Breaking this down, the web services description language (WSDL) provides a standard description of what an application does, while the simple object access protocol (SOAP) provides a standard way to transport data between applications.
However, web services does not remove the need for translating different types of data from one schema to another. While it may be that XML (extensible mark-up language) tags, and the XML-based templates currently being developed by many industry bodies, will ultimately help with this, connectors from existing applications will almost always be required.
Some say that, ultimately, web services will eliminate all non-standard interfaces. But even if a business did replace all its proprietary integration connectors or adaptors with standard WSDL interfaces, says Meyer, it would still need a platform to manage the transformation (of data formats) and data communication between different applications.
This is where the EAI vendors are taking their products. The lack of transformation and messaging standards has been the driving force behind the web services strategies of existing EAI vendors, as well as a new generation of web services-based integrators such as the US-based companies Grand Central Communications and Flamenco Networks.
These suppliers' approaches can be roughly divided into two camps, although they overlap considerably. First, there are the companies that provide tools to manage the flow of transactions by providing services such as data routing, security and auditing. These companies are trying to make web services more resilient and reliable by providing the missing messaging components of web services integration. Among those suppliers tackling these issues are messaging vendors such as SpiritSoft, integration vendors such as webMethods and Tibco, as well as start-ups such as Grand Central and Flamenco.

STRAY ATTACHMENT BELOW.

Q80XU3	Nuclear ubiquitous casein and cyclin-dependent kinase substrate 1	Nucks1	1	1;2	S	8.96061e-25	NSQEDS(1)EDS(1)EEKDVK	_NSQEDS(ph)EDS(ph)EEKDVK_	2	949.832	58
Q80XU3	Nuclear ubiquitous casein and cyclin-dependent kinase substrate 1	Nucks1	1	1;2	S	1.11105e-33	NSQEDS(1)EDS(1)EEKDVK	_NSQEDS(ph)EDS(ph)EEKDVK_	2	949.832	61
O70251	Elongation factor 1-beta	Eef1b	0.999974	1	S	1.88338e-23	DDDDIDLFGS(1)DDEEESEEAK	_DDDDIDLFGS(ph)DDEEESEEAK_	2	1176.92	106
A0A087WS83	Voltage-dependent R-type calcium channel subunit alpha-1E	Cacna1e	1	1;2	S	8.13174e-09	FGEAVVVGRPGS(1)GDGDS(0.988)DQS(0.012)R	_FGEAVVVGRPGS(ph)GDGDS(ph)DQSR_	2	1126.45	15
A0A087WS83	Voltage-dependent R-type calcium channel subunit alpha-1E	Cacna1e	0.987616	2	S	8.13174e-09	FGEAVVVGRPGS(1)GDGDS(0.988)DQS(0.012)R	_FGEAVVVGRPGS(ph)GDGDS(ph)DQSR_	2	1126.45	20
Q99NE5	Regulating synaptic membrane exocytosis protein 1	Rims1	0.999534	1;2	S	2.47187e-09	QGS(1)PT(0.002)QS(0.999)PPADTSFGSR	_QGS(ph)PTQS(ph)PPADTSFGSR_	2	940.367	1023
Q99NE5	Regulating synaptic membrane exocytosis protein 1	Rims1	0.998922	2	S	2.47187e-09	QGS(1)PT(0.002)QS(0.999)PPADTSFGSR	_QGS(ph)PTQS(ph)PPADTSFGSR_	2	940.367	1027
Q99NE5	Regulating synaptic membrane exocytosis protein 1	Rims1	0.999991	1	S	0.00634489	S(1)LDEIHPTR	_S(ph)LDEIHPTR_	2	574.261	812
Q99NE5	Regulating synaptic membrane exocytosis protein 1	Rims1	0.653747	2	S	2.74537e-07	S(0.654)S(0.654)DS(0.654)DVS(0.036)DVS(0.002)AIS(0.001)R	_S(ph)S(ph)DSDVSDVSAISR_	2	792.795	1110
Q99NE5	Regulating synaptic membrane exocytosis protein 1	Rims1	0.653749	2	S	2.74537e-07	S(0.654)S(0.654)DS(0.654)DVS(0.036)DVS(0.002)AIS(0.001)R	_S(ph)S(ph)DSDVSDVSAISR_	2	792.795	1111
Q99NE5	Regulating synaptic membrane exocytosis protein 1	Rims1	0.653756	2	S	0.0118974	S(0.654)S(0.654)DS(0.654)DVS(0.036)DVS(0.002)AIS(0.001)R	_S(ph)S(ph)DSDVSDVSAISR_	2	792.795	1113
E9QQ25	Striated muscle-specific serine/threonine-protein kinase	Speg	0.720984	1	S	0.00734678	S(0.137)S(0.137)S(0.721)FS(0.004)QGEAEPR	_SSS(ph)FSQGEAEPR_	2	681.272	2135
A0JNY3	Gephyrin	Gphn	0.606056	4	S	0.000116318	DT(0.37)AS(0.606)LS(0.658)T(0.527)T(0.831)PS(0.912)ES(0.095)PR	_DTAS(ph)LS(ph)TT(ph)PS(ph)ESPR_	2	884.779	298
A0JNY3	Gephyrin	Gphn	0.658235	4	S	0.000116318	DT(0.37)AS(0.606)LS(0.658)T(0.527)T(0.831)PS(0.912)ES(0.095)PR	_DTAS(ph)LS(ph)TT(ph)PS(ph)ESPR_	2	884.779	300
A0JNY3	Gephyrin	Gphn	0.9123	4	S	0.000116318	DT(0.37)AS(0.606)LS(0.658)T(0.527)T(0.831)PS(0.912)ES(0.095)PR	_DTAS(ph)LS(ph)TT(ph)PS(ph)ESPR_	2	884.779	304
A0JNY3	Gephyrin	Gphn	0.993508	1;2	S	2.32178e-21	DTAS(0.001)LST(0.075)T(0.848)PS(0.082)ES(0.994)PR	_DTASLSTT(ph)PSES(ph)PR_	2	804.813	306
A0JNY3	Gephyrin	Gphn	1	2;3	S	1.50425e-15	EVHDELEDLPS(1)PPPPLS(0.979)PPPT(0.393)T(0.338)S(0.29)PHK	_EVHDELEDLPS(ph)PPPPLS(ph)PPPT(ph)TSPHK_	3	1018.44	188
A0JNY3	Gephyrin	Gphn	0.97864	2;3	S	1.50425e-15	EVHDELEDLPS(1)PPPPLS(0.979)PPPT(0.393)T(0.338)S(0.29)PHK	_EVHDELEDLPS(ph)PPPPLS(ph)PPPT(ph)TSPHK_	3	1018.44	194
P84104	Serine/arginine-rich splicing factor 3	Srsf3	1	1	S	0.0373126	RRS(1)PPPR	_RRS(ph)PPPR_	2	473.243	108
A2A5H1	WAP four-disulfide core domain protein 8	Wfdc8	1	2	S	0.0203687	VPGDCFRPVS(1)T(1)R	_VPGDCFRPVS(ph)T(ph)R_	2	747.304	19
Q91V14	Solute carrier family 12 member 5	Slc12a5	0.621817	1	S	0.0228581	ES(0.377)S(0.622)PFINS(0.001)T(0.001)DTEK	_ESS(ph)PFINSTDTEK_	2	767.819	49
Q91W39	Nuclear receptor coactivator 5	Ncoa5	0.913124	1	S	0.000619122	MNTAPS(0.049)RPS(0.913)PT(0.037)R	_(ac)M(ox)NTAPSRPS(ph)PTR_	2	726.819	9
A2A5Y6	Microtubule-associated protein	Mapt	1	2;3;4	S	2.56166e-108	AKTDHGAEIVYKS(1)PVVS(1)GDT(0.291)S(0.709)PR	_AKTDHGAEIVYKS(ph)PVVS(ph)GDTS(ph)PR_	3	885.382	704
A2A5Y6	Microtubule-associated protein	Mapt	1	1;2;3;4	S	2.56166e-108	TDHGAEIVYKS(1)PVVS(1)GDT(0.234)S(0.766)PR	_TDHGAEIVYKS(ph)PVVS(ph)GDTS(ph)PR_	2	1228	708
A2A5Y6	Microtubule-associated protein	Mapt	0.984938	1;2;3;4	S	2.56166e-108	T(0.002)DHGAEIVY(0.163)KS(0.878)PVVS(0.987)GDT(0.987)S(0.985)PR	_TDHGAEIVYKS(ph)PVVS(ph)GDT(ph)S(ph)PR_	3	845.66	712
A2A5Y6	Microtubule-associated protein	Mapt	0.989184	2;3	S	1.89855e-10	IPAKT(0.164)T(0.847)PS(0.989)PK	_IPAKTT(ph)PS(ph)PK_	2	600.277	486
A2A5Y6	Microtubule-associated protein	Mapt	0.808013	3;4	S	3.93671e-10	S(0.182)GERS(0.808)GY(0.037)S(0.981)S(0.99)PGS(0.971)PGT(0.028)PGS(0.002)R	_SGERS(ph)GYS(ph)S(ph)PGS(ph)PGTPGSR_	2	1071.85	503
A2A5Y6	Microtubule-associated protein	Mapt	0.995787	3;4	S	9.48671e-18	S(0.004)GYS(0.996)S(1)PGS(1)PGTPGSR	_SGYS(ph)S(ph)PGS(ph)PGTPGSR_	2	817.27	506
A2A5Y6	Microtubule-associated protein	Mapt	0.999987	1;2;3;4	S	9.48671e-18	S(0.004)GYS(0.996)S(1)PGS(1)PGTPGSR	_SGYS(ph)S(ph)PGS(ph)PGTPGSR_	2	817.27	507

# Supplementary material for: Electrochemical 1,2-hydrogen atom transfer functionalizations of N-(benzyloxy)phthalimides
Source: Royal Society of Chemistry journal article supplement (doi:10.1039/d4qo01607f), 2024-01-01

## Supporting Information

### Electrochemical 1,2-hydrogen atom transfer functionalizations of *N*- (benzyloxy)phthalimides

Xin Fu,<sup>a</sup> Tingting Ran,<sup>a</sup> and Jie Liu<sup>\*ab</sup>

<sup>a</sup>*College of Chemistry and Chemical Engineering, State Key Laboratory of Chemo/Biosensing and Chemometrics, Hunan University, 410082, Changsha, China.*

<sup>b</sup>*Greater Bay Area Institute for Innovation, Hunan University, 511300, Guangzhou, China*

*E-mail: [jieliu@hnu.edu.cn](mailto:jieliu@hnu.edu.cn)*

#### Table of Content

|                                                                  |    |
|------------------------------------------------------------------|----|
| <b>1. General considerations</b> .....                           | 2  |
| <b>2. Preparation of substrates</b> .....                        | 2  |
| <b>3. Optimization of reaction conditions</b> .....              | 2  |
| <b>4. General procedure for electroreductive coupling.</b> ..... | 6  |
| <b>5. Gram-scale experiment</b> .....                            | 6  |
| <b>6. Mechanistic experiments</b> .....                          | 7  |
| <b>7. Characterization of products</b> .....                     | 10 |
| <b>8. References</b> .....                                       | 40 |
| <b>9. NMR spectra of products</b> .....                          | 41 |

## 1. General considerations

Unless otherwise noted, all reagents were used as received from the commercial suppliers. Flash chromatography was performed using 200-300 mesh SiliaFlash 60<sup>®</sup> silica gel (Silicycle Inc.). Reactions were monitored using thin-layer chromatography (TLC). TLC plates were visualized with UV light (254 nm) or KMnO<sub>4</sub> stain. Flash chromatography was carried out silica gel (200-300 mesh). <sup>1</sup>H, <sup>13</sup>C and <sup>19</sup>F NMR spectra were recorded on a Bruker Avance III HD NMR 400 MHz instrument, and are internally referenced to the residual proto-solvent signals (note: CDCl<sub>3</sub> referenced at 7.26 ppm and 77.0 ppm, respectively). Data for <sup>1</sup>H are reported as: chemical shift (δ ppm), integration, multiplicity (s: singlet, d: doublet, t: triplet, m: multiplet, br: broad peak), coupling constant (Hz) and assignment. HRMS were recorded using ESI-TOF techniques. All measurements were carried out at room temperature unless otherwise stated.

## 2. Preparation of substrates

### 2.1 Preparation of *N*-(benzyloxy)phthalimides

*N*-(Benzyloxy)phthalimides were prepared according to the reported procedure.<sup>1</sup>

The second approach, taken by many of these vendors, is to provide tools to aid the translation of data and a workflow framework for accessing and using that data. Many of these functions are encapsulated in the business process management (BPM) tools that EAI vendors have developed over the past two years. By adding the ability to accept SOAP and create WSDL, vendors such as Iona, Tibco, and Vitria, can offer the ability to map data from different sources together, whether or not they have been designed with web services in mind.
All these tools are important for bridging the web services and non-web services worlds. But some analysts think these initiatives need to be put in perspective. They say that all these EAI vendors have done is to enable their products to work with web services alongside other proprietary or legacy data formats. In the short term, this will enable customers to adopt web services without making their existing applications or EAI products redundant.
But in the long term, there may be a bigger issue. Although their products may be web services ‘enabled', the question of whether the EAI vendors are truly prepared for the web services revolution will ultimately remain open.